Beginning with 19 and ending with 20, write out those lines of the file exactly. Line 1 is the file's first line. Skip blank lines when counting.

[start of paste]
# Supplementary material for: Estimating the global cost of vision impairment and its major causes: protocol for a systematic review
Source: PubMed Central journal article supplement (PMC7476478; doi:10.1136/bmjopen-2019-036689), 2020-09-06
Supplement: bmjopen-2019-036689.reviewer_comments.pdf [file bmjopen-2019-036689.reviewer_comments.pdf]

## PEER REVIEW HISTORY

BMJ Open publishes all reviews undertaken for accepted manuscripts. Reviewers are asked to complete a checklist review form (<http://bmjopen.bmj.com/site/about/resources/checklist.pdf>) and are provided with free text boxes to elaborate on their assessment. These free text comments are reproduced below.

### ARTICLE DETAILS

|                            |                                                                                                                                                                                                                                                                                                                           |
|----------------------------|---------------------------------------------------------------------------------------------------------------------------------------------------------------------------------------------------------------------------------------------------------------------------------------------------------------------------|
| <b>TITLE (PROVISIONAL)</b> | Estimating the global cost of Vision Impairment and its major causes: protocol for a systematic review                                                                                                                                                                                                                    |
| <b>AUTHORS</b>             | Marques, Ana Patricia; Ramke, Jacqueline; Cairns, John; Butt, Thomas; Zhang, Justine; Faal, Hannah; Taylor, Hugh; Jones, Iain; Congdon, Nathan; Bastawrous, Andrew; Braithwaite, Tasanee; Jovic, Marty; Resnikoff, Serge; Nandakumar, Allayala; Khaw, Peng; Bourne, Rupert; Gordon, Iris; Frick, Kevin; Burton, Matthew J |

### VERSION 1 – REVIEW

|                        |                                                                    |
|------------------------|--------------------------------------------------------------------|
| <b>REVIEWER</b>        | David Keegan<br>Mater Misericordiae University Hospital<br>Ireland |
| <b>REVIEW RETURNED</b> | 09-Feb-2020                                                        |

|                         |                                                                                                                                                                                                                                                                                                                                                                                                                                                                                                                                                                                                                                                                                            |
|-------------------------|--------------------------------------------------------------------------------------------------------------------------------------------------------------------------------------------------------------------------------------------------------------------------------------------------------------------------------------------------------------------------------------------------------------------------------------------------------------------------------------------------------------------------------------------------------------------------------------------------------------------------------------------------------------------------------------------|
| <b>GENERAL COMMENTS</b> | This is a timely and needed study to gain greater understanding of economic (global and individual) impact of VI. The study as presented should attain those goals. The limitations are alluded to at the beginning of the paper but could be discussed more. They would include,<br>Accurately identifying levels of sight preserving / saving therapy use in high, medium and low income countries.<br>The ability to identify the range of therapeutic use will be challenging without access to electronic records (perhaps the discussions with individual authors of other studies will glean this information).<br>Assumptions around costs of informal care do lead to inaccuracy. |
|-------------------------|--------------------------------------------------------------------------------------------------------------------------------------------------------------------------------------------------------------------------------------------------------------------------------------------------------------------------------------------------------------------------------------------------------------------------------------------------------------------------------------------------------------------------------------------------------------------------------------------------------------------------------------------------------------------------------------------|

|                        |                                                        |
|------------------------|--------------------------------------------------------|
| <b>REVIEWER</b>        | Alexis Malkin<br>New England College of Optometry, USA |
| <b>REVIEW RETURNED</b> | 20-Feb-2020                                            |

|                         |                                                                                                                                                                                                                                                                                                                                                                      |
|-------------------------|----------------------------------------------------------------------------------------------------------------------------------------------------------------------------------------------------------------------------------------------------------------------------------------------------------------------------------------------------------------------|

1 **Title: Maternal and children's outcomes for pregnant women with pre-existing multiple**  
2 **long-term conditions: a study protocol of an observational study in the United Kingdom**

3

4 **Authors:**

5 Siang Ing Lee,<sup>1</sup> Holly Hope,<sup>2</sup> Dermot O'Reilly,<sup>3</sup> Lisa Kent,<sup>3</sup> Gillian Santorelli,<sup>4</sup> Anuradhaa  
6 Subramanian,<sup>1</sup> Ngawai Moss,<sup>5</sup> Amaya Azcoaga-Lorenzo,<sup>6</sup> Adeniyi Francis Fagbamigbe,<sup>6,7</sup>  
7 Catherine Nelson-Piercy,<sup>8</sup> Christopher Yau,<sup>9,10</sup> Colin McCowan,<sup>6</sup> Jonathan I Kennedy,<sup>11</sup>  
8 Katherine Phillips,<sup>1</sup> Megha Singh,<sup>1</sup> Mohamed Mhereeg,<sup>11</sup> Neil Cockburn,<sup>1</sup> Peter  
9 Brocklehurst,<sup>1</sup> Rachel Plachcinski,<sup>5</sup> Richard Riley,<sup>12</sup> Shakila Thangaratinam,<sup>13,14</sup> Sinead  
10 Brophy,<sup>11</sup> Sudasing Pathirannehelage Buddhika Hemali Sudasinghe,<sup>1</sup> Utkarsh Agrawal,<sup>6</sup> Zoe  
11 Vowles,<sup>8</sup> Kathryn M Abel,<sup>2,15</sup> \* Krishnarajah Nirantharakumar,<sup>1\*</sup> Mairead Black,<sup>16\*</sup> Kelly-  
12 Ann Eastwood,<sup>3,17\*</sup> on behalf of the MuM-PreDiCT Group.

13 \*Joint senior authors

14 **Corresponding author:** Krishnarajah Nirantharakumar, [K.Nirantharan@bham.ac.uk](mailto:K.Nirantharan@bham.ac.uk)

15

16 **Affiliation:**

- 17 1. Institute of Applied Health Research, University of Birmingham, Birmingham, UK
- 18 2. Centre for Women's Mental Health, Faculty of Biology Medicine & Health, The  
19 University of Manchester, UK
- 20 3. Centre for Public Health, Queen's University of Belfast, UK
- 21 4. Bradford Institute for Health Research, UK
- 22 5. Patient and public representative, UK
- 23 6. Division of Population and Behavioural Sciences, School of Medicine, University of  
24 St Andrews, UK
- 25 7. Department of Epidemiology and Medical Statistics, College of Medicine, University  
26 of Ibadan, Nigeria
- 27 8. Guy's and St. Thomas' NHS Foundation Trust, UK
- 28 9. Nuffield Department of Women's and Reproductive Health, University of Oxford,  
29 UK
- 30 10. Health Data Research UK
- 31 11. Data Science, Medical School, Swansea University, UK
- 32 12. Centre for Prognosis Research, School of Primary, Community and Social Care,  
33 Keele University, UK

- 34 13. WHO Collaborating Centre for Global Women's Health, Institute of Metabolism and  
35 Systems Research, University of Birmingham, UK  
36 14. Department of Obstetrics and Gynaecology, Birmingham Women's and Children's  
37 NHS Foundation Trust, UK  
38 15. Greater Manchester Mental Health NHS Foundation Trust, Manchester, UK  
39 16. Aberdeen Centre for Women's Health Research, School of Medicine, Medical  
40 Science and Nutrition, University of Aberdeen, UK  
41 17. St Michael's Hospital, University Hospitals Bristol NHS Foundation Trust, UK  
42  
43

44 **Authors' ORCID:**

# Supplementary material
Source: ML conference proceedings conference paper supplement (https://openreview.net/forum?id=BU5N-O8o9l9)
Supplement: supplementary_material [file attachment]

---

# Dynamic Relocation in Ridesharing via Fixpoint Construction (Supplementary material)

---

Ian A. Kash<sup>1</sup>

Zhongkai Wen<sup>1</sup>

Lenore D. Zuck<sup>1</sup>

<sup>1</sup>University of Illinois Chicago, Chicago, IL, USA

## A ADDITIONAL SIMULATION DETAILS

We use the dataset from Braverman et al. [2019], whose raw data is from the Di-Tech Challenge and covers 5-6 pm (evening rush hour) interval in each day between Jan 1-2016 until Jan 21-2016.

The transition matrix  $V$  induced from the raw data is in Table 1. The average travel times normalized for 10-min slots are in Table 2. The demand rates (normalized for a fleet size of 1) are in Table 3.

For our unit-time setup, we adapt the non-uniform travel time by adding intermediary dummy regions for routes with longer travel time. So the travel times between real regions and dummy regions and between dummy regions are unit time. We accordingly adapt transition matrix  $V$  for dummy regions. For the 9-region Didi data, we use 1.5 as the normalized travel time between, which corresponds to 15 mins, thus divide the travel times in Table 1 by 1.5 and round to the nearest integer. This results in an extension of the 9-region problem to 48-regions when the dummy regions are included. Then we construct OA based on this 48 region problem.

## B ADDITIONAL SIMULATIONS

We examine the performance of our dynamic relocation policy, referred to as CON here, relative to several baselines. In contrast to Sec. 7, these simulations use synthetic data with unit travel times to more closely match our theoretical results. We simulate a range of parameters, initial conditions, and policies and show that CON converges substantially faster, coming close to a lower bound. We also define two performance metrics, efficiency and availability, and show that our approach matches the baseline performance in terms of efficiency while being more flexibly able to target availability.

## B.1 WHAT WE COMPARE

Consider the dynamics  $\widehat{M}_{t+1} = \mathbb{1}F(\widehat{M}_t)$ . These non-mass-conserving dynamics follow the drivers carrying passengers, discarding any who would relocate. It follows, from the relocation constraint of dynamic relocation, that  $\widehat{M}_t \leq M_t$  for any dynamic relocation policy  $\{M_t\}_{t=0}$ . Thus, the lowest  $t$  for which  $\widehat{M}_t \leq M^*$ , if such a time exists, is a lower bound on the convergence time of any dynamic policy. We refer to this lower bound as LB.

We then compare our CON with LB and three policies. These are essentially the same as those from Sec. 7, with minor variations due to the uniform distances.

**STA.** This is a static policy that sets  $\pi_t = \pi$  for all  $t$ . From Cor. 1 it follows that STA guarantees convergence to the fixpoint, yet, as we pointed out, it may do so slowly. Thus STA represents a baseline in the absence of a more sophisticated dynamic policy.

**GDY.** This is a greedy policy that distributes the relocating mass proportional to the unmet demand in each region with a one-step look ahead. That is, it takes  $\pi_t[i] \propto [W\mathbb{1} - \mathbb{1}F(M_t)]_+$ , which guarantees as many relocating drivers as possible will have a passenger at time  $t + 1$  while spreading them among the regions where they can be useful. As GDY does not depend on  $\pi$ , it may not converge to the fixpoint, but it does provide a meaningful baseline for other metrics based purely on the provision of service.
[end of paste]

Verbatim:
|-------------------------|--------------------------------------------------------------------------------------------------------------------------------------------------------------------------------------------------------------------------------------------------------------------------------------------------------------------------------------------------------------------------------------------------------------------------------------------------------------------------------------------------------------------------------------------------------------------------------------------------------------------------------------------------------------------------------------------|

|                        |                                                        |